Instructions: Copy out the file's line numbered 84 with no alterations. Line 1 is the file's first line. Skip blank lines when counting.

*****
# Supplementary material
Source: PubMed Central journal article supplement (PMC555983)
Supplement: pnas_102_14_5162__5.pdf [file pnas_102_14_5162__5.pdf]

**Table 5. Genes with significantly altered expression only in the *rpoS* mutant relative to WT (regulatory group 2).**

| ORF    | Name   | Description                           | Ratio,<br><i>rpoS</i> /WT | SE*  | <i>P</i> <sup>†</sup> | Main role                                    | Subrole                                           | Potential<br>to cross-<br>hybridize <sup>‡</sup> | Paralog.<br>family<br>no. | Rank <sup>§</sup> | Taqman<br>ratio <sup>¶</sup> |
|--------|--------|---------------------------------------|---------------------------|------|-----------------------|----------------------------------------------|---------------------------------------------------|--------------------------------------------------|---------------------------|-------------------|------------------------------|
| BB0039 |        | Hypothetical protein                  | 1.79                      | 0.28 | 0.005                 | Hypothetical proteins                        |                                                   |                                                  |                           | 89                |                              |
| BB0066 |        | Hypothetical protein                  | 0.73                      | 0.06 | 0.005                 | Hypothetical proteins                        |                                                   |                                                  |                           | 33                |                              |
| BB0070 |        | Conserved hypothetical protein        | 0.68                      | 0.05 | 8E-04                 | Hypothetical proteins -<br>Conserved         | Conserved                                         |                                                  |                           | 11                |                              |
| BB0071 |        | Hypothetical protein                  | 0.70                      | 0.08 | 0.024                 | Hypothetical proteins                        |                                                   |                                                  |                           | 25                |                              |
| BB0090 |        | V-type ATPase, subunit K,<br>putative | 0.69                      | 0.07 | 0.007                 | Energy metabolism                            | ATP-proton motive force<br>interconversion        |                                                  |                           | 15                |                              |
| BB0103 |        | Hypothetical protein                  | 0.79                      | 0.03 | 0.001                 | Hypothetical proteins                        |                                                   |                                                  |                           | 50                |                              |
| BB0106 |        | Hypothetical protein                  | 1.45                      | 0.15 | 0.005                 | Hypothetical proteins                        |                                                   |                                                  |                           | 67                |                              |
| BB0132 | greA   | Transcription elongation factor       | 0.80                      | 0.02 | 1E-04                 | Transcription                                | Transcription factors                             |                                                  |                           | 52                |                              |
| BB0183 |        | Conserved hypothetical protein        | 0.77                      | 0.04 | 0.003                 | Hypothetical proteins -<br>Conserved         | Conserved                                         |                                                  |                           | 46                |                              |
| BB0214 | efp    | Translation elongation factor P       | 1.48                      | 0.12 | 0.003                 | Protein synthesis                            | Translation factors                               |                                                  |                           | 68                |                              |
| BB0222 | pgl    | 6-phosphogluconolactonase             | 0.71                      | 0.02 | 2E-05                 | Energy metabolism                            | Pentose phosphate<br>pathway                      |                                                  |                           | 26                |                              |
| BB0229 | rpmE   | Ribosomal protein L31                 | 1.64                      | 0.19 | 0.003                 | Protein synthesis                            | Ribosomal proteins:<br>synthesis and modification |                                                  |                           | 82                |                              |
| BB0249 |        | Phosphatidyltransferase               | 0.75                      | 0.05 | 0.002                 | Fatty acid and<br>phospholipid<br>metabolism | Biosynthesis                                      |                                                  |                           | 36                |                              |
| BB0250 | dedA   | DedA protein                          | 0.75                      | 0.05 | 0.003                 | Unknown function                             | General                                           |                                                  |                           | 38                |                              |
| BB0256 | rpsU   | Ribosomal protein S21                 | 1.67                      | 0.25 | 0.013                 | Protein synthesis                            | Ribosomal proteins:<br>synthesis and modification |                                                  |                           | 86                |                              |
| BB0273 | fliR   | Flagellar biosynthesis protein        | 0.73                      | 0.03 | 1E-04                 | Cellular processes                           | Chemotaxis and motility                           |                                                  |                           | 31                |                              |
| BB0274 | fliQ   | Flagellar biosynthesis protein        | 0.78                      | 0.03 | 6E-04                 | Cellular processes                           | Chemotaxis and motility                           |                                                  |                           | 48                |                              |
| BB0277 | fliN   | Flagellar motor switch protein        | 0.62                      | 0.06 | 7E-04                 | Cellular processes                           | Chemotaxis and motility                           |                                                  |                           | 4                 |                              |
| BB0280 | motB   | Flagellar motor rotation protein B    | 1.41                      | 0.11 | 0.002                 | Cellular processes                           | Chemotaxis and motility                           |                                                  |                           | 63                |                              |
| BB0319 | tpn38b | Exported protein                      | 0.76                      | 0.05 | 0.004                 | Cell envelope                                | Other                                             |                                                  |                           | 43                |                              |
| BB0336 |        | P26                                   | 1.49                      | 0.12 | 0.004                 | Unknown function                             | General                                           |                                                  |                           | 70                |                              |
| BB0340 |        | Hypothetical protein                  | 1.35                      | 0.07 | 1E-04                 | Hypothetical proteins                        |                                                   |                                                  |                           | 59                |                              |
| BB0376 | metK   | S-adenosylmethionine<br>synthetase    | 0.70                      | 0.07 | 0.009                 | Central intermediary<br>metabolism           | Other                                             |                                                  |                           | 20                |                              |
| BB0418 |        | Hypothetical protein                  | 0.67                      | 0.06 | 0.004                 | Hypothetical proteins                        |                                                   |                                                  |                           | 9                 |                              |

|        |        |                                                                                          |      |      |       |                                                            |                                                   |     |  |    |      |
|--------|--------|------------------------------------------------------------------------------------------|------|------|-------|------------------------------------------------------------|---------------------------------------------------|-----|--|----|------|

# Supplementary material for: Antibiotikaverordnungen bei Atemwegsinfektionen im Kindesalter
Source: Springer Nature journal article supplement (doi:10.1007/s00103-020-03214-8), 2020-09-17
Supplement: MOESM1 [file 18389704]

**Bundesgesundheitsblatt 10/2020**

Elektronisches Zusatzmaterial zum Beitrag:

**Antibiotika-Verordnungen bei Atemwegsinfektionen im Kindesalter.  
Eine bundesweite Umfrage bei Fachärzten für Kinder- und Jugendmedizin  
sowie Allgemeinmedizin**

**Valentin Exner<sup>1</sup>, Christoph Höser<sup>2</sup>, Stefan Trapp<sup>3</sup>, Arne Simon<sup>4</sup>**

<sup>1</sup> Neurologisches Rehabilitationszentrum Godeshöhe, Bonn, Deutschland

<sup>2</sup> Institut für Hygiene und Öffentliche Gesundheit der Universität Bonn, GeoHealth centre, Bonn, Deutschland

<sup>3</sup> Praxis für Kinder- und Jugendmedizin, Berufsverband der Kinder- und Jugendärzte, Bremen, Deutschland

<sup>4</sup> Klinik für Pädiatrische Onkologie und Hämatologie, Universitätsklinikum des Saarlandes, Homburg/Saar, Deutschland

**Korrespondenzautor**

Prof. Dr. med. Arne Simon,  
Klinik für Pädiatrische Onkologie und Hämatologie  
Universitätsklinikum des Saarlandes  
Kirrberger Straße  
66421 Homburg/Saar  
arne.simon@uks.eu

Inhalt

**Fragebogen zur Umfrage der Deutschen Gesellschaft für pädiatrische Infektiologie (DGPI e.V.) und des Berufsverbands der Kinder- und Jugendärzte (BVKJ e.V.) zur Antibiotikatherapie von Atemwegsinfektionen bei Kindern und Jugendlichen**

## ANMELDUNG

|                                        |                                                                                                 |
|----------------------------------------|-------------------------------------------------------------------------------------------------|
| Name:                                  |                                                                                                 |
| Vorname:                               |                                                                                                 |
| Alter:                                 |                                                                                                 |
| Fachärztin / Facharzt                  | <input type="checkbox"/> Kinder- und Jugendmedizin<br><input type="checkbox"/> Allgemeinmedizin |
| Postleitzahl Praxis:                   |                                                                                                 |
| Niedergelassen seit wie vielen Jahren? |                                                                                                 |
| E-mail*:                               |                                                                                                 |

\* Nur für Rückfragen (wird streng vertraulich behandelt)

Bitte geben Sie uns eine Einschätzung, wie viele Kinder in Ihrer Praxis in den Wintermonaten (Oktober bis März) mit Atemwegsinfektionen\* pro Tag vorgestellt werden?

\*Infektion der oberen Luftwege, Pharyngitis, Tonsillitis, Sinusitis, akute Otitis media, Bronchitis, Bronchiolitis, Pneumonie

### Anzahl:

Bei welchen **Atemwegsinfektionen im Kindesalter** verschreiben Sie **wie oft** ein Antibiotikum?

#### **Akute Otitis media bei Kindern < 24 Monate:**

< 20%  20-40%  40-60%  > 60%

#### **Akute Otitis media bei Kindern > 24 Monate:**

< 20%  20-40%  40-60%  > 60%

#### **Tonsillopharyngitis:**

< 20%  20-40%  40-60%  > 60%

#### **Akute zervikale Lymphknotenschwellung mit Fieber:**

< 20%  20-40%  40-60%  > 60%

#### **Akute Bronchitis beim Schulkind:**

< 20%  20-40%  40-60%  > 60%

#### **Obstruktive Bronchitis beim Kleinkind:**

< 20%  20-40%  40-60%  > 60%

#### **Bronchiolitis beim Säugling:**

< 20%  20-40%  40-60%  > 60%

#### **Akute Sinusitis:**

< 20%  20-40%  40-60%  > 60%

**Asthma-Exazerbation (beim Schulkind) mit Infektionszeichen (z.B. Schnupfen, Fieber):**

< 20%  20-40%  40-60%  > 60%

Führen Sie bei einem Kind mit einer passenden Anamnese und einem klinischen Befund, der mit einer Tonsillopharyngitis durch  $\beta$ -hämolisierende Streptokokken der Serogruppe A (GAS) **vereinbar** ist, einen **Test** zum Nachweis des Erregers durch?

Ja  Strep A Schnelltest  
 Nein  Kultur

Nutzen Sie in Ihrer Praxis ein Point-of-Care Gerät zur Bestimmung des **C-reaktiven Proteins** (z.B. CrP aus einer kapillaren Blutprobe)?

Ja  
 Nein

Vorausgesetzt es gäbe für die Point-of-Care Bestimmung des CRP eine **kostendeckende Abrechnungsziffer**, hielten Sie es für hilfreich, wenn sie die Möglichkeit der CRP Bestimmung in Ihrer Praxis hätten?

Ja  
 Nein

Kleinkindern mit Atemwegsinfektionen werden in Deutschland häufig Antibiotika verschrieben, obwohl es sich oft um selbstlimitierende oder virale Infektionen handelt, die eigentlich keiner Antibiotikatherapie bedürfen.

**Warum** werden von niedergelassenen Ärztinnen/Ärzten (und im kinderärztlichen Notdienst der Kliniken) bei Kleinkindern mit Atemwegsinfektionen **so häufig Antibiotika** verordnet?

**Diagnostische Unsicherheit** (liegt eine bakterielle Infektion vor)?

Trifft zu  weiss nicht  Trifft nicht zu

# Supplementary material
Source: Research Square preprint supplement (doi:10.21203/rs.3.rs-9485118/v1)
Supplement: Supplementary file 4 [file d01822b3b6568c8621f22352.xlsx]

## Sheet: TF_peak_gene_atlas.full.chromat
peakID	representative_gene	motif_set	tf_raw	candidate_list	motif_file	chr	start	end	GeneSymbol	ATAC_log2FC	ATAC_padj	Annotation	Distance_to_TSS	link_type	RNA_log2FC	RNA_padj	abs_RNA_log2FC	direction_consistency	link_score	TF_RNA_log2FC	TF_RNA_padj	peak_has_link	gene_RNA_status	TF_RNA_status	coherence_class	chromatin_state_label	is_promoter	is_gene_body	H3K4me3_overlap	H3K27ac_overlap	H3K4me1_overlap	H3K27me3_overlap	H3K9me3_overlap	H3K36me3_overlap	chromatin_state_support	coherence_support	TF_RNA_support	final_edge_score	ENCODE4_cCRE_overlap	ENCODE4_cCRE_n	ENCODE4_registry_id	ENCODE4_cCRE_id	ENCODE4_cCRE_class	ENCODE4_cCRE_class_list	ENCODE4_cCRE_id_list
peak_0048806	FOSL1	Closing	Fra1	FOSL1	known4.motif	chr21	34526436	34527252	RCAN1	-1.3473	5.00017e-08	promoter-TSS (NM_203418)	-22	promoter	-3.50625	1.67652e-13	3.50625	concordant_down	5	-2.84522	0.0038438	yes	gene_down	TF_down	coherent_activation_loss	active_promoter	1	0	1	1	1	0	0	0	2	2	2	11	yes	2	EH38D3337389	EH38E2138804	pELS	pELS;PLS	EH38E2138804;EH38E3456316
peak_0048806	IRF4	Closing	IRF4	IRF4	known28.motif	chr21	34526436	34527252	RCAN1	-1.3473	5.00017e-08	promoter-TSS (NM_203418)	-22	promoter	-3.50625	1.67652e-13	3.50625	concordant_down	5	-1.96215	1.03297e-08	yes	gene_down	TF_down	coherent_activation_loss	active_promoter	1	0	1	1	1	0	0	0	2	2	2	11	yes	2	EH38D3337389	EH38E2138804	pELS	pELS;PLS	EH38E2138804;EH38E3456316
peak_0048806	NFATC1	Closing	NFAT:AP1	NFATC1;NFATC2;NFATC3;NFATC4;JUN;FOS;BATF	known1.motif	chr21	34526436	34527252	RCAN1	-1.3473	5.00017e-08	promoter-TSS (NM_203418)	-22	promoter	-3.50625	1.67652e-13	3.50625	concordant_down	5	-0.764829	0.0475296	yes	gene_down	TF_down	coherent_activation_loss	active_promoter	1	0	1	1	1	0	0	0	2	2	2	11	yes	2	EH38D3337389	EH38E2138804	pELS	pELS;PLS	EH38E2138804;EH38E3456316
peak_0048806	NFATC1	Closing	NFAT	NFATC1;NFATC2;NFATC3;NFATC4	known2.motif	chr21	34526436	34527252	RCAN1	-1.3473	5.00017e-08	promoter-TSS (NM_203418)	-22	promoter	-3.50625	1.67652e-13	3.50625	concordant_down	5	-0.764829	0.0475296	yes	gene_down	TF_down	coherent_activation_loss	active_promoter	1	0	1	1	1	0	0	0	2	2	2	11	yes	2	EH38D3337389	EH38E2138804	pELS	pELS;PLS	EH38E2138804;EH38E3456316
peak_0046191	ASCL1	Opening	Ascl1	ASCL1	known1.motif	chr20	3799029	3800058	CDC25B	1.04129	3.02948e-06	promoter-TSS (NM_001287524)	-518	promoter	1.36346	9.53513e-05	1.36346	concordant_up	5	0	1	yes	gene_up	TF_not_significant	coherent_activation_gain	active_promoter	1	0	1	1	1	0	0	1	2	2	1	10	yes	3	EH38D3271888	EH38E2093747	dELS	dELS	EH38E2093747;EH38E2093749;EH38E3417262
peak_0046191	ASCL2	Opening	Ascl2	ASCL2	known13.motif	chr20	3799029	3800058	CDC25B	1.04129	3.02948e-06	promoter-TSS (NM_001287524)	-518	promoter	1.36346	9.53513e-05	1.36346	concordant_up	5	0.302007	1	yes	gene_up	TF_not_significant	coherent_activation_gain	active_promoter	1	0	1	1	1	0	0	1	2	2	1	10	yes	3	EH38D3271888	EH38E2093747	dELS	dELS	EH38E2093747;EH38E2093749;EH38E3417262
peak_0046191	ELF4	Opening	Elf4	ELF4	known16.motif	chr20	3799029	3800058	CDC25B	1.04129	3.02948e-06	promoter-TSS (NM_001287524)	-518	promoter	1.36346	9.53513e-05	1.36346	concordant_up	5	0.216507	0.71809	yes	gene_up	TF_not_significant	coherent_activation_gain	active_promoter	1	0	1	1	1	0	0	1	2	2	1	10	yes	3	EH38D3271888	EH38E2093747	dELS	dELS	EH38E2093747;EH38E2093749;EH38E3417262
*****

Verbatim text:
#### **Akute Sinusitis:**